Table 3: Test no. 2 results left) \(V\) field, right) \(\textbf{E}\) field.
20_0_V.png 20_0_E.png
Table 4: Test no. 3 results left) \(V\) field, right) \(\textbf{E}\) field.
n10_10_V.png n10_10_E.png
Table 5: Test no. 4 results left) \(V\) field, right) \(\textbf{E}\) field.
10_-10_V.png 10_-10_E.png
Table 6: Volatge at the point \(x=5\) cm, \(y=6.495\) cm, for various values of \(d_x\).

5 Discussion

The simulations appeared to be accurate and results were logical and consistent with known properties of the voltage and electric field.

Voltage was constant within the conductors, both the shield and core, in tables 2, 3, 4, and 5 left) (although this was expected, as it was strictly enforced within the code). Additionally, there were no voltage minima or maxima within the space between, the minima and maxima occurred only at the conductors. These are both qualitatively verifiable properties of a voltage field that were expected [5] and observed, supporting the accuracy of the simulation.

The electric field in tables 2, 3, 4, and 5 right) similarly demonstrated the expected properties. The field formed a smooth vector field, with no noticeable curl. The electric field also pointed from positive voltage to negative voltage, as expected. Finally, vectors intersected conductor surfaces at approximately 90. These properties were again expected [5], and supported confidence in the accuracy of the simulation.

Interestingly noted was that tables 2 and 4 were identical, with the exception of the colour scales in tables 2 and 4 left), as were tables 3 and 5. This phenomena is due to the voltage field being described by linear differential equations. Thus linearly translated boundary conditions yield correspondingly linearly scaled solutions. The electric field, however, is related by the derivative of the voltage field. Therefore, constant translations have no effect on the electric field, as demonstrated in tables 2 and 4 right), and tables 3 and 5 right). For the same reasons, the voltage fields in tables 2 and 4 left) were opposite to those in tables 3 and 5 left), and the electric fields in tables 2 and 4 right) were equal in magnitude (see the contour lines) and opposite in direction to those in tables 3 and 5 right). The boundary conditions between these two pairs were simply reversed.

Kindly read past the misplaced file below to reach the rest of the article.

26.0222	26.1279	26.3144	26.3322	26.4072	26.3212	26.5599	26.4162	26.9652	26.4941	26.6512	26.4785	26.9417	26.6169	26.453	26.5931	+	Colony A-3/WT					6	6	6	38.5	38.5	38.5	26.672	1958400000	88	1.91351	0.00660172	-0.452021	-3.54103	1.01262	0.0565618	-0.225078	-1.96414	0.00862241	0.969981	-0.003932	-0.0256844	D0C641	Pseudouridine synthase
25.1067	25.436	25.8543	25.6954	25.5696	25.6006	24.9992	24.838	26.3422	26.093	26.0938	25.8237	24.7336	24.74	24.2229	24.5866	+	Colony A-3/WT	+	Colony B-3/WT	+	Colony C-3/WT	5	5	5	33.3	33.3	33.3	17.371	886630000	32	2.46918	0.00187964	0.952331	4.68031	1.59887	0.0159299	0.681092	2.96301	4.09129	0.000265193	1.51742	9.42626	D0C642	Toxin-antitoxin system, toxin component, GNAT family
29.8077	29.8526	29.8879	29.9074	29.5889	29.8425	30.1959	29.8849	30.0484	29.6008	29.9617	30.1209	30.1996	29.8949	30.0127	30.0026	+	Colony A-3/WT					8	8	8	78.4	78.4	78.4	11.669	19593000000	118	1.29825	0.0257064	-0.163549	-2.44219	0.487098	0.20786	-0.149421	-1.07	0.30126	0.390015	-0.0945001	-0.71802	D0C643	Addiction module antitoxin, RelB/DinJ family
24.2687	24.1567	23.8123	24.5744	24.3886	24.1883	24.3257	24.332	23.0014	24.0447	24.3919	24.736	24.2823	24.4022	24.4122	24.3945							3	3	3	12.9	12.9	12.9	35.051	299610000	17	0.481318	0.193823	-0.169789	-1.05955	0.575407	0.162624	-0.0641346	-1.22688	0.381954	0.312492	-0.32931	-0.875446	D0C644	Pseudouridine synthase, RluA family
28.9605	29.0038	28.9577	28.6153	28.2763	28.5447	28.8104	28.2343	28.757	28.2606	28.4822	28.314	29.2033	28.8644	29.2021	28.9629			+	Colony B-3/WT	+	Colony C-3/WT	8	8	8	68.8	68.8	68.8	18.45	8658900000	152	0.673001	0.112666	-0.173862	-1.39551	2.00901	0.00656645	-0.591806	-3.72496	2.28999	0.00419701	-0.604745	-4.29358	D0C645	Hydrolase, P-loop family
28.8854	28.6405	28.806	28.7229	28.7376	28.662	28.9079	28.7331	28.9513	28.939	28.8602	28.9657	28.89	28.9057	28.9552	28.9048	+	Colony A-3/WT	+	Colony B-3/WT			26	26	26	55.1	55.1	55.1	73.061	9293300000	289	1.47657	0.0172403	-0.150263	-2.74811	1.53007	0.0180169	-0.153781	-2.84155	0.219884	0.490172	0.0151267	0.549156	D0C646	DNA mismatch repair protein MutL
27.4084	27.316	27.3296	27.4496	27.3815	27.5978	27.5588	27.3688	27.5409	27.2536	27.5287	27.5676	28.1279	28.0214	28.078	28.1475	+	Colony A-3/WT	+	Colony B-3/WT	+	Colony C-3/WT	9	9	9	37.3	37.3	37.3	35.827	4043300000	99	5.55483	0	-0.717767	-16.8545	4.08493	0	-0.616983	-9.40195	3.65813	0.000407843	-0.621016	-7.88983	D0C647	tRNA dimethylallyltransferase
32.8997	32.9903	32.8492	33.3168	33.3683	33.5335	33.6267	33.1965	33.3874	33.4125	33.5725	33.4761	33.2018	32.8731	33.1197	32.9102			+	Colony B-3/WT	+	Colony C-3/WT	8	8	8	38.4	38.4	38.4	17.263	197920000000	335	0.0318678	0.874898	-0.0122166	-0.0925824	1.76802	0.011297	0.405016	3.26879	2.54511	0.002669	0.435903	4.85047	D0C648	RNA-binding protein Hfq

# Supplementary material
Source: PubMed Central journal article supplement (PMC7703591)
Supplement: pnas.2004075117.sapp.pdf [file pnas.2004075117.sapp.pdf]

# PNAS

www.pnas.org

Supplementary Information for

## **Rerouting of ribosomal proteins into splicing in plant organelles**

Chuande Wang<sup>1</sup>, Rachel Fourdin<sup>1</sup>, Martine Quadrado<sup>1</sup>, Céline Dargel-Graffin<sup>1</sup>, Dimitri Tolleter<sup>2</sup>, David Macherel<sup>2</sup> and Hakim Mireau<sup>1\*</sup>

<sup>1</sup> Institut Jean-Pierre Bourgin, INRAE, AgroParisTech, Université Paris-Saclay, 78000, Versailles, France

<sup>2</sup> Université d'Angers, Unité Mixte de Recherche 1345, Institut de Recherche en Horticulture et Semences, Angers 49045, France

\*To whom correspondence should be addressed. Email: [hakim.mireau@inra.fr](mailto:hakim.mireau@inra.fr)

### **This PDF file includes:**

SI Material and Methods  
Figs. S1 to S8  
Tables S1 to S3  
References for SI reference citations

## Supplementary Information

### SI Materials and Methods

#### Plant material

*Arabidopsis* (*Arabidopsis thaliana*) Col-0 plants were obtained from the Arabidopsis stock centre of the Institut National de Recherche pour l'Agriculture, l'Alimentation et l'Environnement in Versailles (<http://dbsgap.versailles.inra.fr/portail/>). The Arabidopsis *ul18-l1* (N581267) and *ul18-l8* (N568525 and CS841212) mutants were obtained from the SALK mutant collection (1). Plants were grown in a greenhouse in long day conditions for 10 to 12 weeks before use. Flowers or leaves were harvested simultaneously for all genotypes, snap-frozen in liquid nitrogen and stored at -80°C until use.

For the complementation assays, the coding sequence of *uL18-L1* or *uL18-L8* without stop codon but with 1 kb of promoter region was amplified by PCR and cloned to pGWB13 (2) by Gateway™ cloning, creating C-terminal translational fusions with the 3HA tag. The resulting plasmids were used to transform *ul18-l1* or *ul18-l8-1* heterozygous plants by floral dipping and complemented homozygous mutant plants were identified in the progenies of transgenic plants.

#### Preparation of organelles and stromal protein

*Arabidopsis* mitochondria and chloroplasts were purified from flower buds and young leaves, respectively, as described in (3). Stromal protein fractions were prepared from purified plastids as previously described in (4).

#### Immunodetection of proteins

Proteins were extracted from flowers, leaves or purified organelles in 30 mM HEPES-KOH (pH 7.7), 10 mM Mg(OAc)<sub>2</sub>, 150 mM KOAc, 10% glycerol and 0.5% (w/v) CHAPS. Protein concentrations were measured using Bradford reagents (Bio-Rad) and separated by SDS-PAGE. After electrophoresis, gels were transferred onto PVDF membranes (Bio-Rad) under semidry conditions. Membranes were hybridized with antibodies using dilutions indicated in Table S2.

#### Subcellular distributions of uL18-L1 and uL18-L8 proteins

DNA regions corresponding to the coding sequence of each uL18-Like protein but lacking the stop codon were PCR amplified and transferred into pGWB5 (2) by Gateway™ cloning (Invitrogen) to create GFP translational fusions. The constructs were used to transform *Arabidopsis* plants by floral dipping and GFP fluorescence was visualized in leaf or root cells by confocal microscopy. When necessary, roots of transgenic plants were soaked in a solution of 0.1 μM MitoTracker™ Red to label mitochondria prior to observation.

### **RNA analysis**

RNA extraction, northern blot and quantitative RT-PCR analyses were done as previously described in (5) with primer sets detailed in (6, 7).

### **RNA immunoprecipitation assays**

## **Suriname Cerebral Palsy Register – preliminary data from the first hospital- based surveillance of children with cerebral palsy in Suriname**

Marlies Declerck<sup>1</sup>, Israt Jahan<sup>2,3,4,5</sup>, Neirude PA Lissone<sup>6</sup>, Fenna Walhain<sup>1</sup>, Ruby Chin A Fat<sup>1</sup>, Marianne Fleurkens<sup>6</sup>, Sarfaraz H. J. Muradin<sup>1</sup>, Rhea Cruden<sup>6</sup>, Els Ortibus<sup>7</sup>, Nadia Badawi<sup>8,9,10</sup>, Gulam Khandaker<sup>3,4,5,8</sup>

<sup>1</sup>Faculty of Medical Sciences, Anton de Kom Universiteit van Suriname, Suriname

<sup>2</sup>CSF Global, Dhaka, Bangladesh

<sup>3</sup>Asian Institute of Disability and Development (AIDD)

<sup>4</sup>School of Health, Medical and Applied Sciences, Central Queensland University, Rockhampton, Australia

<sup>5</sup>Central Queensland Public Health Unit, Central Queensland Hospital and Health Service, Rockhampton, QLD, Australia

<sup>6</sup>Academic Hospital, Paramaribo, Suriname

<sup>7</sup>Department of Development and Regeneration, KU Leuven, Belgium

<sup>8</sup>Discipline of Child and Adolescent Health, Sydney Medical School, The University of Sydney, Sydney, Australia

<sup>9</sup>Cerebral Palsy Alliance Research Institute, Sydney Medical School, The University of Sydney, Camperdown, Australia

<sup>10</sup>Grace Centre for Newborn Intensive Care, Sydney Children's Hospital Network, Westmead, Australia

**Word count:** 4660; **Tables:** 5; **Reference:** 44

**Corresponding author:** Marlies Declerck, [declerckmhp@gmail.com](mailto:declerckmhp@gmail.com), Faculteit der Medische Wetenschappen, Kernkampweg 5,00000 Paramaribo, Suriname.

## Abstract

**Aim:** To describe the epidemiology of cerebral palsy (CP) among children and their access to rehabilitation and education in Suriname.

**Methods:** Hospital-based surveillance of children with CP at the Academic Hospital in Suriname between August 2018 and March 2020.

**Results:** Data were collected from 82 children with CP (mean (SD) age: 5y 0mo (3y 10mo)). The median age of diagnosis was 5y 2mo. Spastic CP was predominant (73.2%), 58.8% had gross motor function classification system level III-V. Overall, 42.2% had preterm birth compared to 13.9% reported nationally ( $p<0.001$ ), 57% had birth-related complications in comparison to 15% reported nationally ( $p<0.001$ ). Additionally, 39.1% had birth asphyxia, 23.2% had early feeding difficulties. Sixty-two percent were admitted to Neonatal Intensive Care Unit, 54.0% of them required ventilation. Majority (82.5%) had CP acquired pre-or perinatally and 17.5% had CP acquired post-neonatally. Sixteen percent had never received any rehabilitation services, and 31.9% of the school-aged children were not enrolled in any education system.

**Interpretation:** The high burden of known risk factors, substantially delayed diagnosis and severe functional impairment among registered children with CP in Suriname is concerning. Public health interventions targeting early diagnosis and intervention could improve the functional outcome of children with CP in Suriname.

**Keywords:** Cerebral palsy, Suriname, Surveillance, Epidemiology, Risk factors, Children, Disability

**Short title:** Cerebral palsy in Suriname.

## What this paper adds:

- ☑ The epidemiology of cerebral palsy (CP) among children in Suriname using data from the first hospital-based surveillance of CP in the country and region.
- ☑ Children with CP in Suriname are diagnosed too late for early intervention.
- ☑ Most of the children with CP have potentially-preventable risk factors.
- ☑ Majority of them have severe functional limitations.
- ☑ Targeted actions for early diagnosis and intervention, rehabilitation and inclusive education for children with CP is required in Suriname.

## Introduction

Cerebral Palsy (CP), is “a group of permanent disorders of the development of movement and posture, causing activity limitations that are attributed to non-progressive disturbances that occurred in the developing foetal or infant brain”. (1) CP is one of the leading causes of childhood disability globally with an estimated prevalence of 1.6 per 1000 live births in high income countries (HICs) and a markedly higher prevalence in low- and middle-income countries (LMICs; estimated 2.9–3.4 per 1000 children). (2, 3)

Finally, table fig:v_convergence shows the calculated voltage for a given \(d_x\). Here it was noted that the variation between Voltage estimates was considerably lower for low values of \(d_x\) and increased with \(d_x\). This result was consistent with the theory outlined in equations \eqref{eq:1stO_FD_x}, \eqref{eq:1stO_FD_y}, \eqref{eq:2ndO_FD_x}, and \eqref{eq:2ndO_FD_y}, stating the associated error was in the order of the square of \(d_x\).

6 Conclusion

A numerical solution to the voltage and electrical field in a two-dimensional cross section of a coaxial cable, where the outer shield was an equilateral triangle with sides of 10 cm, and the core was a square with sides of 2 cm, was developed using methods. The accuracy of this method was verified using empirical means, based on qualitative observations of the resultant fields. These results indicated confidence in the accuracy of the method. Additional properties of the linearity of the electrical and voltage fields were noted, specifically the invariance of the electric field under boundary voltage translation, given the difference was the same.

7 Appendix: MATLAB Code


[1] E. W. Weisstein, “Laplace's equation. From MathWorld---A Wolfram Web Resource.” http://mathworld.wolfram.com/LaplacesEquation.html. Accessed: 11/4/2015.
[2] J. D. Hoffman and S. Frankel, Numerical methods for engineers and scientists. CRC press, 2001.
[3] D. Kosov, “EE4710 prac 2 description--Finite difference method for numerical solution to Laplace equation,” 2015.
[4] D. Zill, W. S. Wright, and M. R. Cullen, Advanced engineering mathematics. Jones & Bartlett Learning, 2011.
[5] D. J. Griffiths and R. College, Introduction to electrodynamics, vol. 3. Prentice Hall Upper Saddle River, NJ, 1999.